The Socialists of Prime Minister Pedro Sánchez have emerged again as the strongest force in the parliamentary elections in Spain, but a government majority is not in sight. According to partial results on Sunday evening, the Socialists with 124 seats were clearly ahead of the Conservatives, which could improve significantly with 83 seats. The far-right party Vox was therefore the third strongest force and was able to more than double its previous result to 53 seats.
According to the partial results of 64 percent of the votes, the liberals of Ciudadanos lost the most: instead of 57 deputies, they now only ten MPs in Parliament. The left-leaning Podemos fell slightly from 42 to 35 seats back, their split Más País came to three MPs.
Accordingly, a stalemate for Spain emerged: Neither the left camp around Sánchez nor the right camp of its challenger Pablo Casado of the conservative PP would come to the necessary absolute majority of 176 of the 350 votes in parliament.
A large coalition after the German model with the conservative People's Party, which is likely to become the second strongest force, has excluded Sanchez.
Sánchez could rely on a minority government with the support of the left-wing camp and regional parties from the Basque Country and Catalonia. After the election in April, the socialist had not been able to agree with Podemos on a government coalition. As a result, the early election had become necessary.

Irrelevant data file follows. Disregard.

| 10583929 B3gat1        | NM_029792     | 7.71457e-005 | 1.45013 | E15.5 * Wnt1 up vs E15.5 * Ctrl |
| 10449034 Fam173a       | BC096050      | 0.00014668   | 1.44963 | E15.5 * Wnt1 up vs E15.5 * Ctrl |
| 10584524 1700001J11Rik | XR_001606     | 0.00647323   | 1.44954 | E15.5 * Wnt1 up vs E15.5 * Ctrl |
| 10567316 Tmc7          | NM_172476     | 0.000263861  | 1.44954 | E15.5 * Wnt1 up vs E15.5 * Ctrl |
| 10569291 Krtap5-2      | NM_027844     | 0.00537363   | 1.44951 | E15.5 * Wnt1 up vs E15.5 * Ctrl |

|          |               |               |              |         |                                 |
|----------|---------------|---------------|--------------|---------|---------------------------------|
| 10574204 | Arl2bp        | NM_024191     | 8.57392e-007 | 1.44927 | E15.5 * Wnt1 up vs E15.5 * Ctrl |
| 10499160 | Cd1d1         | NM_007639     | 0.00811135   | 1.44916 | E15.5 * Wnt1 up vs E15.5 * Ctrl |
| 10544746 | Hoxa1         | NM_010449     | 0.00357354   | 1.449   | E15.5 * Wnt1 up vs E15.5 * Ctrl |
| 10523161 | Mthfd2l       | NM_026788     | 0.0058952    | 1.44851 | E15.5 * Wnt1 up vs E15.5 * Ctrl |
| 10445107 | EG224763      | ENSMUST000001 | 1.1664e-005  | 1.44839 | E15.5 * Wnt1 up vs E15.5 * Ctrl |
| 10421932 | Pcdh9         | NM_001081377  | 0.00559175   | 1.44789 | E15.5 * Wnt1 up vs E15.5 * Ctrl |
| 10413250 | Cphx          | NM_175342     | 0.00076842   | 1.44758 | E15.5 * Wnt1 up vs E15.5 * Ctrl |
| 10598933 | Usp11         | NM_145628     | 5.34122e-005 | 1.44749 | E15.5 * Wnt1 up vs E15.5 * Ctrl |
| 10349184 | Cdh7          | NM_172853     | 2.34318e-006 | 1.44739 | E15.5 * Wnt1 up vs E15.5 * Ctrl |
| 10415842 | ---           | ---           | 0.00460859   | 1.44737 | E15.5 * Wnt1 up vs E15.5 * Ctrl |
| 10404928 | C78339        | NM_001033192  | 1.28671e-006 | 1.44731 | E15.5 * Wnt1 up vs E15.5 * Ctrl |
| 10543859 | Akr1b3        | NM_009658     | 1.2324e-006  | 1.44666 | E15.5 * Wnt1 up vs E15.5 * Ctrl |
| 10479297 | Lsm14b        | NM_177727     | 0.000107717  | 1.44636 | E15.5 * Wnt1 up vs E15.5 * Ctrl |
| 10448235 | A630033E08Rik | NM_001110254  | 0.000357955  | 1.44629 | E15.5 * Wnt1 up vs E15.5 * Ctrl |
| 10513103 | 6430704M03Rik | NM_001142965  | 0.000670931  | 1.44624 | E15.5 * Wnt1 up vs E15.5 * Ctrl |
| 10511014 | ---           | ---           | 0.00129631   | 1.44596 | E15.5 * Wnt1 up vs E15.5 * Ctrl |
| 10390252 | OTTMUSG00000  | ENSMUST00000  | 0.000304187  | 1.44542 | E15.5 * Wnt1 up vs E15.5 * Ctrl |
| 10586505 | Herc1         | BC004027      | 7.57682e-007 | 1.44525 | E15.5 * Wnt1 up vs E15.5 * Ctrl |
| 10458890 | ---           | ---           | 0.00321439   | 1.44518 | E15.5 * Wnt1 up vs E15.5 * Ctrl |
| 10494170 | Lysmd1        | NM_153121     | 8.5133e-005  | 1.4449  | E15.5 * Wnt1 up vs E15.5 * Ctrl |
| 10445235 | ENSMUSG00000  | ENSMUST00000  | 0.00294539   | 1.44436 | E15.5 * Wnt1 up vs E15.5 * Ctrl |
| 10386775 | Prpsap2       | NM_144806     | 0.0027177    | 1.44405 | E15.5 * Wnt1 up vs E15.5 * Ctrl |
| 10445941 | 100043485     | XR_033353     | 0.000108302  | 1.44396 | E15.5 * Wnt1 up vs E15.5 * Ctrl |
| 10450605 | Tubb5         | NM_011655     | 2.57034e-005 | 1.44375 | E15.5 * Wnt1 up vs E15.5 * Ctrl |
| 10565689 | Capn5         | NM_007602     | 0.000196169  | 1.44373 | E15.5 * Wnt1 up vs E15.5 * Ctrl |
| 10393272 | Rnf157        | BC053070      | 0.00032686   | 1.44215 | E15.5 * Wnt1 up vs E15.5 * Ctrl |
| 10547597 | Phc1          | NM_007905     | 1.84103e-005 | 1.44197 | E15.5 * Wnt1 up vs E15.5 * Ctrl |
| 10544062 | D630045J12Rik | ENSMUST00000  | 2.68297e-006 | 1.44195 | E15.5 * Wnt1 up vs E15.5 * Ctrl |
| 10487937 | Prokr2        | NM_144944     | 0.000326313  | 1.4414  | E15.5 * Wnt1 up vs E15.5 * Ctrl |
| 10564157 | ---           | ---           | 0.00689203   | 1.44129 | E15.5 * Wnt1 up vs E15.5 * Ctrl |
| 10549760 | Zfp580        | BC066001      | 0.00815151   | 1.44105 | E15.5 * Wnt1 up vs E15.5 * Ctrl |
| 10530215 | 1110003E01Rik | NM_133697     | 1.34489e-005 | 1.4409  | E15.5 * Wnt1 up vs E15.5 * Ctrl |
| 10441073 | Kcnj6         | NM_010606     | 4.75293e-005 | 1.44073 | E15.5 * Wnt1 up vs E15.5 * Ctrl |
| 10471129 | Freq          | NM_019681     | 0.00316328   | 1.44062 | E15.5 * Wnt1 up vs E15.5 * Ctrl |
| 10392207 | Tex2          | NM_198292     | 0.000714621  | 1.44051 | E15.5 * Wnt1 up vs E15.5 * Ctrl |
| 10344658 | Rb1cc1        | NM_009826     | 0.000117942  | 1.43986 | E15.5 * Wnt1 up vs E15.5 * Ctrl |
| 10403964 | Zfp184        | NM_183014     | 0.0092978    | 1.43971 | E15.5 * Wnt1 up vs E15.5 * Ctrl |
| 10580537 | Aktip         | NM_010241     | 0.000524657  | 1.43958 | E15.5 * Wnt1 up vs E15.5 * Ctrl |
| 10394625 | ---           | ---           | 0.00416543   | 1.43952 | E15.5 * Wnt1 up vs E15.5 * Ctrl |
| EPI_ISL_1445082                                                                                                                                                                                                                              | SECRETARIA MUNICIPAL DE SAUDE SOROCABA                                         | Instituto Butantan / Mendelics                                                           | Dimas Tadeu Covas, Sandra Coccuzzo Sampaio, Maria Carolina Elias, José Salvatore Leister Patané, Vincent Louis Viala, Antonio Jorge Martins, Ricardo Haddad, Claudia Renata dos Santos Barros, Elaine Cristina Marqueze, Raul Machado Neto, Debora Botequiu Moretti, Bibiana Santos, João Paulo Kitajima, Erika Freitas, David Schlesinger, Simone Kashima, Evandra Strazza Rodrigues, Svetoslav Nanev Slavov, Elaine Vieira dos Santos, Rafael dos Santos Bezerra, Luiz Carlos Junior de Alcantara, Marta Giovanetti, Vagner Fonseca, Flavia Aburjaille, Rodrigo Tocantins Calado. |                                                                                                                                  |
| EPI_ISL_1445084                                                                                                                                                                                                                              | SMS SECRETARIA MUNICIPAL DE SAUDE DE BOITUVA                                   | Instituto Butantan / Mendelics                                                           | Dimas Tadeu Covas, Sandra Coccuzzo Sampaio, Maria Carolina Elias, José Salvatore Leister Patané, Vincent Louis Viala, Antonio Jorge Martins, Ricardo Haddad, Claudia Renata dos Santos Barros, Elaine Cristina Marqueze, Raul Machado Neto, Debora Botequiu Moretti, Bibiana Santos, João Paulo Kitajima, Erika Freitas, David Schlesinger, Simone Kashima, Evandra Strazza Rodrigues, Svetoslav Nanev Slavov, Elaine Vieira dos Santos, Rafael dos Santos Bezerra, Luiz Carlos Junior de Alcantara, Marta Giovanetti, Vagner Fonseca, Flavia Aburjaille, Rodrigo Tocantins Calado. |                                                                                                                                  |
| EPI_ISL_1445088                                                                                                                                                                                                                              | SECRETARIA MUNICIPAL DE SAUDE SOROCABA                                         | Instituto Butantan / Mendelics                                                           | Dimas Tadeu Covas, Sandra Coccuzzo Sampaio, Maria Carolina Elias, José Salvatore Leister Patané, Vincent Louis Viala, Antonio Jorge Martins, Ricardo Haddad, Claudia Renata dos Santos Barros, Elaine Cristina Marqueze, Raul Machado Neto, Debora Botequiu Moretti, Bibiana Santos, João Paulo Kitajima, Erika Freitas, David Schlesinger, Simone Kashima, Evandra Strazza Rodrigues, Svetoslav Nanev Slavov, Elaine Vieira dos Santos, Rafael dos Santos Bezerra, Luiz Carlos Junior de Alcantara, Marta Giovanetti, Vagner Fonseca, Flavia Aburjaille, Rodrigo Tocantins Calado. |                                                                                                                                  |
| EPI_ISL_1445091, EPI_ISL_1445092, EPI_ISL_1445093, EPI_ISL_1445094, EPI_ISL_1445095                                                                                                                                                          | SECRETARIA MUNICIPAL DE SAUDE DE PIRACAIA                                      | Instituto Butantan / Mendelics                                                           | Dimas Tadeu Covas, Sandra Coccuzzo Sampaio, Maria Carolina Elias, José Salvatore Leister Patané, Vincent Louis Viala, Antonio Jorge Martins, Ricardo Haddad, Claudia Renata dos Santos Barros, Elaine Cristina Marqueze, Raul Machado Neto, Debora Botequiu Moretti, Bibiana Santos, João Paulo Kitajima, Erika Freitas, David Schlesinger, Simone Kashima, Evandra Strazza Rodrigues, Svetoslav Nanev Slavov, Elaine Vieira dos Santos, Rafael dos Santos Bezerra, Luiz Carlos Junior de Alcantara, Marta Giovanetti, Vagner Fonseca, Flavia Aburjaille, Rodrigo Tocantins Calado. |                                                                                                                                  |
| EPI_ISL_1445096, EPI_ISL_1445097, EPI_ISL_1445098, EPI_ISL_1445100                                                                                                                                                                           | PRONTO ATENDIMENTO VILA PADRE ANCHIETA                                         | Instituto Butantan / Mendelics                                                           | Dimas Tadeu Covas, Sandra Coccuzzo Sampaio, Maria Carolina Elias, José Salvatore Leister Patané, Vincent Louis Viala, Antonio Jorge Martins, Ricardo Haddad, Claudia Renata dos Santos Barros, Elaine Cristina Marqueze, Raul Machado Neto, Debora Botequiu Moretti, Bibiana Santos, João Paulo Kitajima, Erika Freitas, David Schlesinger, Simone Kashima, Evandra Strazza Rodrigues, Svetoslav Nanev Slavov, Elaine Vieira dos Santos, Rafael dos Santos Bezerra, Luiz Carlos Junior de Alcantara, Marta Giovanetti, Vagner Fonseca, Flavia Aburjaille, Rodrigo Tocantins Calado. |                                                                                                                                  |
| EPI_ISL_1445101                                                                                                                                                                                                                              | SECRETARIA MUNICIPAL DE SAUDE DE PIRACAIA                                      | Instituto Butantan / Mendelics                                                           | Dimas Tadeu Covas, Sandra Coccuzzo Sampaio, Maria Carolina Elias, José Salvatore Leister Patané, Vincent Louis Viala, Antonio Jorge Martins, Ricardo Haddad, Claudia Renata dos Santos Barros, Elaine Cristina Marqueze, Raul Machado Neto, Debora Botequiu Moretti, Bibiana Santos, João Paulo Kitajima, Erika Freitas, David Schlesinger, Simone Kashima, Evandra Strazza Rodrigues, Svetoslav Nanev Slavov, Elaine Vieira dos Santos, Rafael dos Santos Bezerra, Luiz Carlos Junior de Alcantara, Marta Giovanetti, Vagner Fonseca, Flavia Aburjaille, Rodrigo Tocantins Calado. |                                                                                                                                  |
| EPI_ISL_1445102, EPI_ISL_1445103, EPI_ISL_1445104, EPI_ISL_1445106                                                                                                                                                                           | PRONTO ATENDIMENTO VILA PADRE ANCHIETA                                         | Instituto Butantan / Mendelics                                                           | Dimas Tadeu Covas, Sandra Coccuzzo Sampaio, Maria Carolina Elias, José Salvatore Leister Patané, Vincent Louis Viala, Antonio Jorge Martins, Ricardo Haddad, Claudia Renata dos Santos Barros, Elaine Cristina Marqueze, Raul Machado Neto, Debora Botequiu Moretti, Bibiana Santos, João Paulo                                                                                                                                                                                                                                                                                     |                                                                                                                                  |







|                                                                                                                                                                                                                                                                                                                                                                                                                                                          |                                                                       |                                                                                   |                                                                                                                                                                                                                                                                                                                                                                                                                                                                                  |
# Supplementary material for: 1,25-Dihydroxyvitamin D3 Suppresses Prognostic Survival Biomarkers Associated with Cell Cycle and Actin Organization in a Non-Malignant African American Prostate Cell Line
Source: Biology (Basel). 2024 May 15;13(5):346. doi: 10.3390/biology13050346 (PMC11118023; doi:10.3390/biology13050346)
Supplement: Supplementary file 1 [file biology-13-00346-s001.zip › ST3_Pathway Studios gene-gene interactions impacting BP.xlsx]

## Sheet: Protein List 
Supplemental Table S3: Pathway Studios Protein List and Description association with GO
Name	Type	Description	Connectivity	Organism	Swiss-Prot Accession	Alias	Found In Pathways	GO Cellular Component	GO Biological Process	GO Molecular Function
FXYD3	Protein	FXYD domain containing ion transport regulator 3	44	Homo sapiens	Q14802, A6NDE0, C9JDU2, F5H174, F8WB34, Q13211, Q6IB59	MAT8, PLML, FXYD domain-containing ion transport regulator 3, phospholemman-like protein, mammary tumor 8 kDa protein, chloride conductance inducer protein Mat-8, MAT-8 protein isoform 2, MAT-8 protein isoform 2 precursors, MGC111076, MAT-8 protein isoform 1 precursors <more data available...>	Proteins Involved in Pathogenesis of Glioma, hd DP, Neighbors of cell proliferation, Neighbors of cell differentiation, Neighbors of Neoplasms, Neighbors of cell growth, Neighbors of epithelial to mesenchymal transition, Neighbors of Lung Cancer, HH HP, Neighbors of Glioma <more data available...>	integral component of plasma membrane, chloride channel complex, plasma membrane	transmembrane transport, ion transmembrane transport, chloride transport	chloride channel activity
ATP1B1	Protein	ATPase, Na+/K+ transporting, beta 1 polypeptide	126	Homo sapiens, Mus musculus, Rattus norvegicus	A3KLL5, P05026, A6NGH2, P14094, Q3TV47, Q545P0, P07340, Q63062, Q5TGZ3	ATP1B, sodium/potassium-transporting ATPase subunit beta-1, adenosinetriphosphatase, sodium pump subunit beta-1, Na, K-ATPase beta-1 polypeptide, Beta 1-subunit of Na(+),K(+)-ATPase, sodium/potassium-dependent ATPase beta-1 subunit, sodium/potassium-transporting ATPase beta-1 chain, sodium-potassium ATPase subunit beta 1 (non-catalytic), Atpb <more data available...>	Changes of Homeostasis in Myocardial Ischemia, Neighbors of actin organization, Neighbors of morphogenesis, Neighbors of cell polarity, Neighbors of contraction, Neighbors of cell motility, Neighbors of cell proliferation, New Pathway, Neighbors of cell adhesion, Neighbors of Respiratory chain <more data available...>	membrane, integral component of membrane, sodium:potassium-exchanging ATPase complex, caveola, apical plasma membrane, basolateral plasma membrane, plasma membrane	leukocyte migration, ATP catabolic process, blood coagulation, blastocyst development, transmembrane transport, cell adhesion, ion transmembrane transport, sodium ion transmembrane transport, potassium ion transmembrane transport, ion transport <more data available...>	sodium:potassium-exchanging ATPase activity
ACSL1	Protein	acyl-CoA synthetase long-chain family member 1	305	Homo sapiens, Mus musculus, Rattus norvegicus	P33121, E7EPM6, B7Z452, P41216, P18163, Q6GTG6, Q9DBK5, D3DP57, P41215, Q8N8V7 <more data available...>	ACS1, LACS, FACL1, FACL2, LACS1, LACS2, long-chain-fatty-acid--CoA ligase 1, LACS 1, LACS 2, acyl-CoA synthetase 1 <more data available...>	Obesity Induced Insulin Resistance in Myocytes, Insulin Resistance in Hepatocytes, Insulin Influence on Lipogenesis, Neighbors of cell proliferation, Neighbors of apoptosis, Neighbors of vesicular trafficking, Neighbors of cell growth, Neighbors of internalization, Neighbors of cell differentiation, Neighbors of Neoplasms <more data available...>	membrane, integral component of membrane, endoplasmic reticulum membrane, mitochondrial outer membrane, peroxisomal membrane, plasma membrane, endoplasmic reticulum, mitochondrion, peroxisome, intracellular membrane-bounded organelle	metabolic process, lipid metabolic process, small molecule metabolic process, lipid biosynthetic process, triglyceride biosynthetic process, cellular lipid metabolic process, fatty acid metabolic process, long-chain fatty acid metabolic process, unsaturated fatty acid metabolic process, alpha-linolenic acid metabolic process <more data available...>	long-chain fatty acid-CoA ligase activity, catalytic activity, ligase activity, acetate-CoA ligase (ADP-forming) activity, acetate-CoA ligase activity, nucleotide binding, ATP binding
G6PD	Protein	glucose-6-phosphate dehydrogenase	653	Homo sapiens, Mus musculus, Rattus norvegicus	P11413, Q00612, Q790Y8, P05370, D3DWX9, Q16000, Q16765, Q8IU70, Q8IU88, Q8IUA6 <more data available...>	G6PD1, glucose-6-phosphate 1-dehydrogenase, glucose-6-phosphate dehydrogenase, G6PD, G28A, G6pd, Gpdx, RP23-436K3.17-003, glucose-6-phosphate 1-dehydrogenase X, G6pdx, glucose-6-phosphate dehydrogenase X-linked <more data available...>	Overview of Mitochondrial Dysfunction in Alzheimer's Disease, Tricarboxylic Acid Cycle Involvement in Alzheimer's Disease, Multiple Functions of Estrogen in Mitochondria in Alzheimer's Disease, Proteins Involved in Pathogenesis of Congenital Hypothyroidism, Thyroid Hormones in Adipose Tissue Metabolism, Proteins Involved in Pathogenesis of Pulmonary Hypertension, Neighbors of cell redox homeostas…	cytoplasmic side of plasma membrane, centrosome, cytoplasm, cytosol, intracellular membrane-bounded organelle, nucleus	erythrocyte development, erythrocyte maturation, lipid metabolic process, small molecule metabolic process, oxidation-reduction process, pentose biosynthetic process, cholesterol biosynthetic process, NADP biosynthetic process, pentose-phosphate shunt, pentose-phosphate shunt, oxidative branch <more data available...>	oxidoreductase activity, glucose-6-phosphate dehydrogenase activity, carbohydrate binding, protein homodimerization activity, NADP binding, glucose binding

Right-wing Vox party characterizes the election campaign
The election campaign was characterized by the strengthening of the far-right Vox party and the dispute over Catalonia. The dispute over Catalonia escalated after the Supreme Court in Madrid on 14 October imprisonment of up to 13 years against leading representatives of the independence movement. Since then, there have been repeated mass protests in the region, as well as violent clashes between demonstrators and security forces.
Sánchez had promised in a TV debate with the other leading candidates to ban referendums on the independence of Spain "once and for all." Vox boss Santiago Abascal did not go far enough. He demanded that Catalan regional president Quim Torra be "handcuffed" and put on trial. The Vox party builds on the legacy of the Spanish dictator Francisco Franco. (Reuters, dpa, AFP)